• This is the 13th consecutive game in which the leader entering Final Jeopardy! has not gotten Final Jeopardy! correct. The known record is 16 regular-play games (between October 24 and November 28, 2002.)
    • In terms of how close 3rd was to 1st, this is the 10th-closest game since October 4, 2004. The most recent game that was closer? April 15, 2016. (Andrew Pau vs. McKinnie Sizemore vs. Margaret Miles)
  2. In the category Dad Bods, I can’t believe they denied Zoey the answer “chin-ups” when the correct answer was “pull-ups.” It wasn’t a category that stipulated the letter combinations.

  3. I appreciate that one can draw an arcane distinction between the two, but even within the lifetime of Jeopardy there have been changes in the usage of the word, and both are used interchangeably. As the WIkipedia entry for chin-ups states:

    In the 1970s[2] and 1980s, the term chin-up not only included an overhand/pronated (“palms away”) grip,[3][4] but some authors used it as the default meaning of the term,[5] with an underhand/supinated (“palms toward”) grip called a “reverse” grip.[6][7]Even in the 2010s “chin-up” still includes palms-away lifting.[8] The term “chin-up” is still regularly used refer to pulling using an overhand-grip.[9][10][11]

    Also:
    Due to this, the phrase “chin-up” has become associated with pulling with this type of grip. Some have delegated the term pull-up to refer to the pronated(overhanded, palms-away) grip. In spite of this, many refer to pull-ups with a pronated grip also as chin-ups, and the supine grip is still regularly called a pull-up.

    Some organizations such as the American Council on Exercise have adopted this new terminology, issuing statements such as: “a chin-up differs from a pull-up in that the puller’s hands are facing towards him or her in a chin-up, and away in a pull-up.”[12]Organizations such as the United States Marine Corps, however, use the term pull-up interchangeably to refer to both the overhand and underhand grips.[13]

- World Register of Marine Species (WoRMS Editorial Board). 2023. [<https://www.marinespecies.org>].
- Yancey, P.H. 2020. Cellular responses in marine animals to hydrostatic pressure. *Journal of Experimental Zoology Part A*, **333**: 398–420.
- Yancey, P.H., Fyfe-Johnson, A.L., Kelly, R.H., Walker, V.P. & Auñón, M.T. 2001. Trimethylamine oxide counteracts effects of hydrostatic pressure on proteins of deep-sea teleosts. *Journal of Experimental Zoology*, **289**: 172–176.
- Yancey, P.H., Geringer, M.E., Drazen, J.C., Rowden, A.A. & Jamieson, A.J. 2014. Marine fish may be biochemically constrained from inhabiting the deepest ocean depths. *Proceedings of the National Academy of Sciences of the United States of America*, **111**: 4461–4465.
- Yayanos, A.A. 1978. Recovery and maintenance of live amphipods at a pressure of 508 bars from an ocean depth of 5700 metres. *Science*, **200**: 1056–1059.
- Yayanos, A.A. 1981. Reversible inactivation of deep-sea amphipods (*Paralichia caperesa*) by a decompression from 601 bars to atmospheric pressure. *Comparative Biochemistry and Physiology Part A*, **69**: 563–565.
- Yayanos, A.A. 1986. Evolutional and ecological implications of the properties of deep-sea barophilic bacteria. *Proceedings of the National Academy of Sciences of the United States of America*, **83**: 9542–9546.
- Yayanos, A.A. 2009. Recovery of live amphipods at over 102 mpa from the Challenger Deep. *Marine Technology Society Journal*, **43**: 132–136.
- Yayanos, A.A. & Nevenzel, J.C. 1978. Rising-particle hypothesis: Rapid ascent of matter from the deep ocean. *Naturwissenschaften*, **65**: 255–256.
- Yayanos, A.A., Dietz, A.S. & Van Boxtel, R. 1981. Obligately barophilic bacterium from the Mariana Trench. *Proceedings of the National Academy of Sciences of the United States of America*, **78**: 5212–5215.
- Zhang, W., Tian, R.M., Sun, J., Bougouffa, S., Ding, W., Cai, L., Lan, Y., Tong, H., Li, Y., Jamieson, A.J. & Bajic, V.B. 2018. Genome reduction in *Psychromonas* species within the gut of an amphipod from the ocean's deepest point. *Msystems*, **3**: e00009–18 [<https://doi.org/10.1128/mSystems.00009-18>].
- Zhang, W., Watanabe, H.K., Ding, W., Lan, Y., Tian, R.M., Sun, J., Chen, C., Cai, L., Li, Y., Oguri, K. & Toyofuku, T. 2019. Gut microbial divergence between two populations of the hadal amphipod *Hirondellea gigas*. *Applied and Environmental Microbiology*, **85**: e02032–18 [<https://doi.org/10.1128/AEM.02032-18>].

In short, I would argue vigorously that the judges should have deemed either response acceptable.

    • Andy Saunders | January 12, 2017 at 11:06 pm |

      You’ll have to pardon my skepticism here, but Wikipedia?

      Even then, I strongly suspect that the fact that every single reference to Gyllenhaal’s “Southpaw” workouts specifically referencing “pull-ups” as the reason for “chin-ups” being negged on the show this evening. If they were one and the same, one would think that they would have been used interchangeably there. The fact that they were not also leads me to believe that there is a slight difference there.

  4. As a former personal trainer of 4 years, and soon to be doctor of physical therapy, I can confirm that pull-ups and chin-ups are indeed similar but different exercises, with pull-ups utilizing an overhand grip and primarily activating the latissimus dorsi with little biceps activation. Meanwhile, chin-ups utilize an underhand grip which allows far more activation of the biceps brachii, thus making the exercise much easier than a pull-up.. My wife tried to argue for her too, but from a professional standpoint, I have to stand by their decision to not allow the 2 terms to be used interchangeably.